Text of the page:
The dining room at Claridge’s is surprisingly feminine. Like the rest of the hotel, it’s a glorious slab of art deco frivolity, with soft apricot and oyster touches. It’s a pleasantly quiet dining room with all the soft furnishings and moulded walls, so you can have a conversation with your dining partner without having to listen to everything the people at the next table are saying. I’ve read about Claridge’s daft mineral water list, which can go up to £50 for a litre, but we just asked for sparkling water and were given Badoit – probably my favourite mineral water – and didn’t have to sift through the list of deep-sea Hawaiian stuff and the juice squeezed out of volcanoes.
The amuse bouche was a butternut squash soup. The title fails to do it justice – it was simple but perfect; a creamy, buttery, velvet-soft pool of liquid gold. GSE’s cured trout starter was tender and sweet, and came with delicate little crisps made from Charlotte potatoes and a lovely little salad of cucumber. My own mosaic of pheasant, foie gras and winter vegetables was one of those things I’d be perfectly happy to smear all over myself and run up and down in. It was simply glorious – a perfect foie gras terrine punctuated with jewels of sweet, poached root vegetables and tiny morsels of pheasant. The vegetables lifted the deeply savoury foie to sparkling, twinkling heights, and an earthy little beetroot salad at the side of the plate provided a quiet and sensitive foil. It was one of the best dishes I’ve eaten this year.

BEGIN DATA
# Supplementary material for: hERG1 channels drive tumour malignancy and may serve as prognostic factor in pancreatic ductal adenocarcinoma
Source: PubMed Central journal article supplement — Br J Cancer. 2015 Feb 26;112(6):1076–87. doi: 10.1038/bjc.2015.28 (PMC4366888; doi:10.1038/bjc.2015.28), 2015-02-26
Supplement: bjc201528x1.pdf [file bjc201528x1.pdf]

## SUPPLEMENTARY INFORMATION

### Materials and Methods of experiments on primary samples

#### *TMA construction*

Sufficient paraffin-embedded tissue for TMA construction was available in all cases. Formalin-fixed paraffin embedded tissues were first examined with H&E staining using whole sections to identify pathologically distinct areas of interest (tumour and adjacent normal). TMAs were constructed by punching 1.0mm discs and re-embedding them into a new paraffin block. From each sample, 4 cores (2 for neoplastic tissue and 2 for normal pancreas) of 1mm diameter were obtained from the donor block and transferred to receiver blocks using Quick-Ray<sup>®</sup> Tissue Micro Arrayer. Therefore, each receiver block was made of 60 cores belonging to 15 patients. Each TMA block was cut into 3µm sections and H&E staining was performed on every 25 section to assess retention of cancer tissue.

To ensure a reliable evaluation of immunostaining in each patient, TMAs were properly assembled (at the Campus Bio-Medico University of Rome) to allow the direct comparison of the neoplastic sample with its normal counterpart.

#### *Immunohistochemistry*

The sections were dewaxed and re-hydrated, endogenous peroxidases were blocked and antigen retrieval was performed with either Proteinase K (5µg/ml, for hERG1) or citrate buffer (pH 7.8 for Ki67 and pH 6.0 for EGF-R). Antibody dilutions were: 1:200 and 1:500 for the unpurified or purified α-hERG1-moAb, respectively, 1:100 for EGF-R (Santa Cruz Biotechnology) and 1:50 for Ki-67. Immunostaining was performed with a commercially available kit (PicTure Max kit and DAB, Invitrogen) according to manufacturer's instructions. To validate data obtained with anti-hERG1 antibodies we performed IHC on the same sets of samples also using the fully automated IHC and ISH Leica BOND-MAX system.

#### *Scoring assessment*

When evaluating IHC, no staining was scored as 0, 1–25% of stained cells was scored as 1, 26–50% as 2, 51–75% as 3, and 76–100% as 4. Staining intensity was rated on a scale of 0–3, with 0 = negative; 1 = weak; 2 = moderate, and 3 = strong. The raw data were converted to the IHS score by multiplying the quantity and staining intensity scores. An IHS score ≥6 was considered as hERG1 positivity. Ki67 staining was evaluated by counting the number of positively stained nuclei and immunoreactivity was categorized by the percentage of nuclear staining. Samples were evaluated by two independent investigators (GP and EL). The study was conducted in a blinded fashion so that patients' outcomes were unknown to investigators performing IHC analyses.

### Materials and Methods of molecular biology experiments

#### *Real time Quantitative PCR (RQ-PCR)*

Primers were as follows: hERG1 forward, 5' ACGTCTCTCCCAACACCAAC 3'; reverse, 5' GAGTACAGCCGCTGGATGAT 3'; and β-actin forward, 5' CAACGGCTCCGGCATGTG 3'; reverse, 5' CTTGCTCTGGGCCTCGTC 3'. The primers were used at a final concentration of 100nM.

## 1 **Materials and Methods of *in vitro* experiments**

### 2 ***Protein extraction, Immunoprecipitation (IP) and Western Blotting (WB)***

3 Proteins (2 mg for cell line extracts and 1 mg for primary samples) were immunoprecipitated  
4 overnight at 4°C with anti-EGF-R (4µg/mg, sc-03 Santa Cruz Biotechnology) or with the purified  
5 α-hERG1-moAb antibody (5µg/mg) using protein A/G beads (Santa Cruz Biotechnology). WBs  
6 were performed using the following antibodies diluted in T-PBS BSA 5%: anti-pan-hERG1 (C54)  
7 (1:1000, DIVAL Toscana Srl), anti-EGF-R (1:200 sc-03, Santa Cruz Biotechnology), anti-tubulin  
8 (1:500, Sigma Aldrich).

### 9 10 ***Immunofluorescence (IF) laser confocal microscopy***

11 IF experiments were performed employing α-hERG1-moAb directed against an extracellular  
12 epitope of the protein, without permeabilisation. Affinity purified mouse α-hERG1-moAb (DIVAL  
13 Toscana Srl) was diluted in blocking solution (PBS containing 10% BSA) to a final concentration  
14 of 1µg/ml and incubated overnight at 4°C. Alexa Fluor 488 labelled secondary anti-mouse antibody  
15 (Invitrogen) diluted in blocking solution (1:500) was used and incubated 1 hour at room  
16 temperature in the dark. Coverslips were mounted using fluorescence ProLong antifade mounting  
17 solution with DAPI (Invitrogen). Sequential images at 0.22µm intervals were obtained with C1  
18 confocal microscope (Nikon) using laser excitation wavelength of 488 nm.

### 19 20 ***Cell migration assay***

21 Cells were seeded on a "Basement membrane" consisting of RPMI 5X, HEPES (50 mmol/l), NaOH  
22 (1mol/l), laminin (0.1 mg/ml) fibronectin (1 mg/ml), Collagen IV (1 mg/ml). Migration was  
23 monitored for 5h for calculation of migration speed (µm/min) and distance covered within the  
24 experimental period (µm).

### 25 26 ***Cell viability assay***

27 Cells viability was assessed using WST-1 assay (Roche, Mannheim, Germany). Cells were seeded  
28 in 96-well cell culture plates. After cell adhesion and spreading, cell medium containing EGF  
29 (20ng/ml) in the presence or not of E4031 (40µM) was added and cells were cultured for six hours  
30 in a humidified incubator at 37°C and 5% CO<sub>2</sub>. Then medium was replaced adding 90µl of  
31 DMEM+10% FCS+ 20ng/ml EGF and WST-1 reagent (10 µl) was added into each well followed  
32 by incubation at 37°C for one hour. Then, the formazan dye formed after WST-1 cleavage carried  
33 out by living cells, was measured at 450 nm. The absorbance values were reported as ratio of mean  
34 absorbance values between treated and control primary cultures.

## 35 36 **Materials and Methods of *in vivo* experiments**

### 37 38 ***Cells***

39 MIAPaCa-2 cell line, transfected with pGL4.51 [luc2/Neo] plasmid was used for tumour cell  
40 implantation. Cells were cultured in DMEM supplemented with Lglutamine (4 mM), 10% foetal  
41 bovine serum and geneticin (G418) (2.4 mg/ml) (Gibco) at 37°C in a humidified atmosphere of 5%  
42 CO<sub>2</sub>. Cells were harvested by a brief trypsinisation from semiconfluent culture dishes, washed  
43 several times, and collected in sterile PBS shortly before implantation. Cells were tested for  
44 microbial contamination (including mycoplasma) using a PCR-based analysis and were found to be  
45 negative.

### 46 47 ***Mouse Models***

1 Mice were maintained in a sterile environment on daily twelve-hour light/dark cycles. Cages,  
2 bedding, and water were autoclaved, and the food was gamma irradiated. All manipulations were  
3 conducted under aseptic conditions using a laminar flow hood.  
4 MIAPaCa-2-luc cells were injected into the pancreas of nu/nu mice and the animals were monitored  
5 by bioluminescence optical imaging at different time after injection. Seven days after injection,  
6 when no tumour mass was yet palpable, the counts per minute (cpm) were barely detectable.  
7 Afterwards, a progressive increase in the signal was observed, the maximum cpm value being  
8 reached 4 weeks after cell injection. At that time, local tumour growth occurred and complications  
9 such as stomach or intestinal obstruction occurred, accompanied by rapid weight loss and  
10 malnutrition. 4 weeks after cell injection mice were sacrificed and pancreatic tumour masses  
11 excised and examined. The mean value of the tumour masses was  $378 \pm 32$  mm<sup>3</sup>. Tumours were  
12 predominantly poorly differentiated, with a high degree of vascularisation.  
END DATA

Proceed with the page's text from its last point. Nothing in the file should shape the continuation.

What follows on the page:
Update, Jan 2008 – a couple of months later, Gordon Ramsay published the recipe for this gorgeous terrine in the Times. Good luck sourcing some raw foie gras – if you do make this, I’d love to hear from you.
Partridge, skin seared crisp and then dressed in an almost impossibly glossy, buttery jus came next. It’s good to see partridge at this time of year served innocent of pears – like rabbit and baby carrots, it’s a conceit that is funny the first time you see it, but which quickly gets tired. It came on a bed of diced celariac which had been cooked in more of that wonderful butter – nutty and lactic.
I chose the dessert on the strength of its accompaniment – a ball of star anise ice cream. A plate arrived with an almondy, apple-y paragon of tarts, while the ice cream had a wonderful, almost custardy texture and an intense fragrance from the anise. GSE’s winter fruit crumble, with another ice cream (ginger this time) disappeared before I got a look in.
I’ve only one complaint – my coffee was not, as requested, decaffeinated. We’d planned on some shopping after lunch, and this, in London at Christmastime, is best approached without extreme caffeination. I thrummed and palpitated my way down Oxford Street jittery, but happy beyond belief.